Of Cyprus’s six districts, the one centred on Larnaka is probably perceived as the least glamorous. Yet it offers one of the best combinations of attractions, beaches, hotels and restaurants. An ideal mix of working town and holiday resort, Larnaka itself has enough day-to-day reality to provide insights into Cypriot life yet enough sights and activities to keep boredom at bay, including an impressive cathedral, a medieval fort and the wonderful Hala Sultan Tekke mosque. It also boasts the island’s largest airport and a flourishing marina and therefore attracts a cosmopolitan bunch of expats, entrepreneurs and yachting folk as well as soldiers and diplomats working at the nearby British base at Dhekelia.
To the east of Larnaka is the peninsula upon which stand Agia Napa, Protaras and Paralimni, journey’s end for thousands of visitors. Long derided as the haunt of lager louts and marauding squaddies, these settlements have left behind their growing pains and are now largely well-maintained and prosperous towns, devoted to the holiday industry it’s true, but none the worse for that. They have plenty of places to stay and to eat, some fine museums, a string of Blue Flag beaches and pretty boat-thronged harbours, plus a scattering of small villages (the Kokkinochoria) dotted with the sails of wind pumps.
To the west of Larnaka is an unspoilt rural hinterland of hill villages and small harbours where the pace of life is blissfully slow – driving west from Larnaka on local roads, you’ll notice the difference as soon as you pass the airport. This area includes two important Neolithic sites at Tenta and Choirokoitia, the world-famous lace-making village of Pano Lefkara, and the impressively sited monastery at Stavrovouni. It is also where, in 2011, a catastrophic explosion ripped apart the Evangelos Florakis naval base. The physical damage was repaired with commendable speed, but the affect on political feeling and morale has proved longer-lasting.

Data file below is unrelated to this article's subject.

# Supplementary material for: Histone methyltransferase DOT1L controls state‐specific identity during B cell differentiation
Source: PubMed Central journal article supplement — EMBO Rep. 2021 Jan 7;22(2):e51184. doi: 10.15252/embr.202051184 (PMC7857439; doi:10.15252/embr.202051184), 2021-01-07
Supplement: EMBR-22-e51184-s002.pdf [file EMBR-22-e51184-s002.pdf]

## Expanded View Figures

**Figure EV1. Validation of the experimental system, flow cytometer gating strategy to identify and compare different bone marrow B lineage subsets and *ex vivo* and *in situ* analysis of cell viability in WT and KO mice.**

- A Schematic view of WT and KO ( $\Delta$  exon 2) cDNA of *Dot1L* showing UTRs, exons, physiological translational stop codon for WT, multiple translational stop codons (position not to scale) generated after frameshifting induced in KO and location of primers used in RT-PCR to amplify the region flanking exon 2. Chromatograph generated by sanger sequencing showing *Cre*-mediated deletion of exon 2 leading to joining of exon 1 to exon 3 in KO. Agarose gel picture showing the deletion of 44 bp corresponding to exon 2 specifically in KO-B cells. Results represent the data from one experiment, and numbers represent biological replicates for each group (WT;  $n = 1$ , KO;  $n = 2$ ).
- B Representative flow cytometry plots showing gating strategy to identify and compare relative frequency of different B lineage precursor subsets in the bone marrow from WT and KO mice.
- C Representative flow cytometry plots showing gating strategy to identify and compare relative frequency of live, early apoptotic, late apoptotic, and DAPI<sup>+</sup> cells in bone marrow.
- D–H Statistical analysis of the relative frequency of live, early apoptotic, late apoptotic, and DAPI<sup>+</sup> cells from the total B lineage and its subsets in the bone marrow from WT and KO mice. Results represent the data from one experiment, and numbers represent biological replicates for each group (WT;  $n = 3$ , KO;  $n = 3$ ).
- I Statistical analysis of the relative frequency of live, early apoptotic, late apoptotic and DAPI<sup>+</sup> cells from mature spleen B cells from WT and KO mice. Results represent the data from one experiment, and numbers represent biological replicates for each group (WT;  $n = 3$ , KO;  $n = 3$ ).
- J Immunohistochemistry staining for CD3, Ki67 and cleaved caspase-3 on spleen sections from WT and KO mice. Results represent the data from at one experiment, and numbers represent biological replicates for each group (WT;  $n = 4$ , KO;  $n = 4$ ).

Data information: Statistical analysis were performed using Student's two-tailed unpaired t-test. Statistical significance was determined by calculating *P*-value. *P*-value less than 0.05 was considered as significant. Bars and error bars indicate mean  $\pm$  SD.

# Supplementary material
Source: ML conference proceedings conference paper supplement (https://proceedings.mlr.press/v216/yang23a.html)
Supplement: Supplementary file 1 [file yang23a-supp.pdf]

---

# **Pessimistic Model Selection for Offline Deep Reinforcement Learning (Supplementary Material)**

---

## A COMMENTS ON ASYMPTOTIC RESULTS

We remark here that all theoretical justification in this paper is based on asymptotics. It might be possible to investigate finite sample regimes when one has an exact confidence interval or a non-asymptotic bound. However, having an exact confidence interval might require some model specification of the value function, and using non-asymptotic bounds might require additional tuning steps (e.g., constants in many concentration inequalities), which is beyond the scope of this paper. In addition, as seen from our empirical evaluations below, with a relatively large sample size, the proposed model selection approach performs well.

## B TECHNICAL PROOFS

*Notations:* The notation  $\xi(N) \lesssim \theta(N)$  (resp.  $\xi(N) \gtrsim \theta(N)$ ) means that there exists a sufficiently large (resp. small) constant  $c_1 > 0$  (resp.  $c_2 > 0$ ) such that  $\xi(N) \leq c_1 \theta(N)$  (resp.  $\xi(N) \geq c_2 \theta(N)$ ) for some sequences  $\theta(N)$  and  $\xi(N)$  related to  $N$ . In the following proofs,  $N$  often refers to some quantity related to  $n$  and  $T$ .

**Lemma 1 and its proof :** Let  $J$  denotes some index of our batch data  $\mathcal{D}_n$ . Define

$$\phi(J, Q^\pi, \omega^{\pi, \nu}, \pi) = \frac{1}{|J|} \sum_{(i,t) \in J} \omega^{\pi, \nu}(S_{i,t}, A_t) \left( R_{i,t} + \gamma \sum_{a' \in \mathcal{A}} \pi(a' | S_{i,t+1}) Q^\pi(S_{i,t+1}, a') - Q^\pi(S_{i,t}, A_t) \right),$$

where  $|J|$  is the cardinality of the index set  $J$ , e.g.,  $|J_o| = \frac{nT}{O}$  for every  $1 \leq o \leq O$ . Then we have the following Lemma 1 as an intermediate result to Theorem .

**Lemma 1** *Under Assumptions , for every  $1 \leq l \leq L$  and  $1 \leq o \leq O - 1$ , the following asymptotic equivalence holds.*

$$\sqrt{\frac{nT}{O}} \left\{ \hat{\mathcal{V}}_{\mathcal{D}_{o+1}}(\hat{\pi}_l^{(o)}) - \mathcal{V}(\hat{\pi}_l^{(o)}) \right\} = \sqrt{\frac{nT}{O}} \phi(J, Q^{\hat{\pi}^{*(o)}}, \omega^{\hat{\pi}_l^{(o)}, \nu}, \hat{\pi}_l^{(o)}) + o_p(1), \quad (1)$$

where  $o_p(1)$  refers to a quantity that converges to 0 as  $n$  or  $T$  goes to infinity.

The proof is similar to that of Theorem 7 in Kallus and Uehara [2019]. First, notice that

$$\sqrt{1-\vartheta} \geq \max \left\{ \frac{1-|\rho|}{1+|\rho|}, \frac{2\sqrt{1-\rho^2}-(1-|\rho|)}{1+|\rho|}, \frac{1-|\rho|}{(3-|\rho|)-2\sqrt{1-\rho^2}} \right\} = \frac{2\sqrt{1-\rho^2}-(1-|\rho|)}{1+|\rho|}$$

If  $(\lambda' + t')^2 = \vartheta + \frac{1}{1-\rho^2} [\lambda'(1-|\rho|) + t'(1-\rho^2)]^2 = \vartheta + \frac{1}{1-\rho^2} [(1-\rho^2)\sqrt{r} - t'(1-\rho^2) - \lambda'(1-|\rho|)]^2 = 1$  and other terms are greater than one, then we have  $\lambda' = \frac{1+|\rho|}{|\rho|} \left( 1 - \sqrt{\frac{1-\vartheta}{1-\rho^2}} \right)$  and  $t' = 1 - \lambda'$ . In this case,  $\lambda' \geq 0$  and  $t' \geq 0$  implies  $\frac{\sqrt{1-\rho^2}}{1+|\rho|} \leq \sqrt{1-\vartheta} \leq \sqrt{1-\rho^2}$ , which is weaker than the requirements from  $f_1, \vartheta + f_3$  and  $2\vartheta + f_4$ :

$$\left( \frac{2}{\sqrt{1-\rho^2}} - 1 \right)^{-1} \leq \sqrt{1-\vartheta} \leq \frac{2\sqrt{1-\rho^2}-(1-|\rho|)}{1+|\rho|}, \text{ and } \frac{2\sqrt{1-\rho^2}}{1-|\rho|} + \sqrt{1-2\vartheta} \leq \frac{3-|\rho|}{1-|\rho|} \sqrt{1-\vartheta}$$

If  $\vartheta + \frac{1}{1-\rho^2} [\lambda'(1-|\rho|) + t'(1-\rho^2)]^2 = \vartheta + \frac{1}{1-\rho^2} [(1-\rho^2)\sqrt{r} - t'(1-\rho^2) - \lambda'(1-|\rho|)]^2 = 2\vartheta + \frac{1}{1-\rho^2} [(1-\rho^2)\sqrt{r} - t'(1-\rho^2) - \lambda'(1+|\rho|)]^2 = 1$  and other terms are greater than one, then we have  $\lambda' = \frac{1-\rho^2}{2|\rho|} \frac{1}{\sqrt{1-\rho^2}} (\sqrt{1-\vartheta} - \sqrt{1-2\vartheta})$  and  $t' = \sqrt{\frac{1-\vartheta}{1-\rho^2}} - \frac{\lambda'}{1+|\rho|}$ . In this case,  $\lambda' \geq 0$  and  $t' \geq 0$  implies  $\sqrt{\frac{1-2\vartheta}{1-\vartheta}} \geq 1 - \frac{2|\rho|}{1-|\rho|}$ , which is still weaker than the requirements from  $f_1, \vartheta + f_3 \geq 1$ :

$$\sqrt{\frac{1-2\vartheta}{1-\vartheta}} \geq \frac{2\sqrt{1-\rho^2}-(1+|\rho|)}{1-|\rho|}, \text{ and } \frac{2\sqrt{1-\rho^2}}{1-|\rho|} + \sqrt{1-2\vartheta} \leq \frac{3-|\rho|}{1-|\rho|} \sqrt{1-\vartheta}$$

The earliest traces of civilization in the Larnaka region are the remains of two Neolithic villages at Tenta and Choirokoitia, which date from around 7000 BC. The history of the town itself stretches over 3000 years, having been founded in the late Bronze Age as Kittim (aka Cittium). Very early on, it was settled by the Myceneans, as part of their great outward expansion from mainland Greece. In the tenth century BC it became a ruin, probably as a result of earthquake followed by invasion but, from about 850 BC the town (now Kition) was developed as a copper-exporting port by the Phoenicians. The period of the wars between Greece and Persia was another difficult one for Larnaka – the city initially did very well by supporting the Persians, and in 450 BC successfully held out against the army of the famous general Kimon, who had arrived to try to add Cyprus to the Athenian empire. Kimon died during the siege of Larnaka – his marble bust stands on the promenade in the town – but the Greeks finally defeated Persia during the time of Alexander the Great, and conquered Cyprus in 323 BC.
During the following 350-plus years’ rule by first Greece then Rome (during which time it became Christian under the first Bishop of Kition, Lazaros), Larnaka became little more than a minor provincial town. This humble status continued under Byzantine rule. The last Byzantine king of Cyprus – Komnemos – was defeated in 1191 AD at the Battle of Choirokoitia by Richard the Lionheart initiating, in the following year, the period of Frankish Lusignan rule across the island. From 1489 it was part of the Venetian empire, and suffered from the preference given by the new rulers to Famagusta and Lemesos. Kition was now called Salina (after the salt lake). From 1571 to 1878 the Ottomans ruled Cyprus, and at least one village in the region did very well – Lefkara. Another name-change – the final one – occurred during this time: the town became Larnaka, after the graves (“larnax” is a sarcophagus) that were found outside the town, having accumulated over its long history. Larnaka flourished during the late Ottoman period with the town, now the main port on the island, attracting foreign consuls and merchants and their families (many of whom are buried at Agios Lazaros). Under the British (1878 to 1960), Larnaka’s importance continued until it started to be eclipsed after World War II by Famagusta and Lemesos. Following the Turkish invasion in 1974, however, Larnaka became of primary importance thanks to its airport, which became the main point of entrance for visitors to the island after the closure of Nicosia International.
Top image: Pano Lefkara village © Evgeni Fabisuk/Shutterstock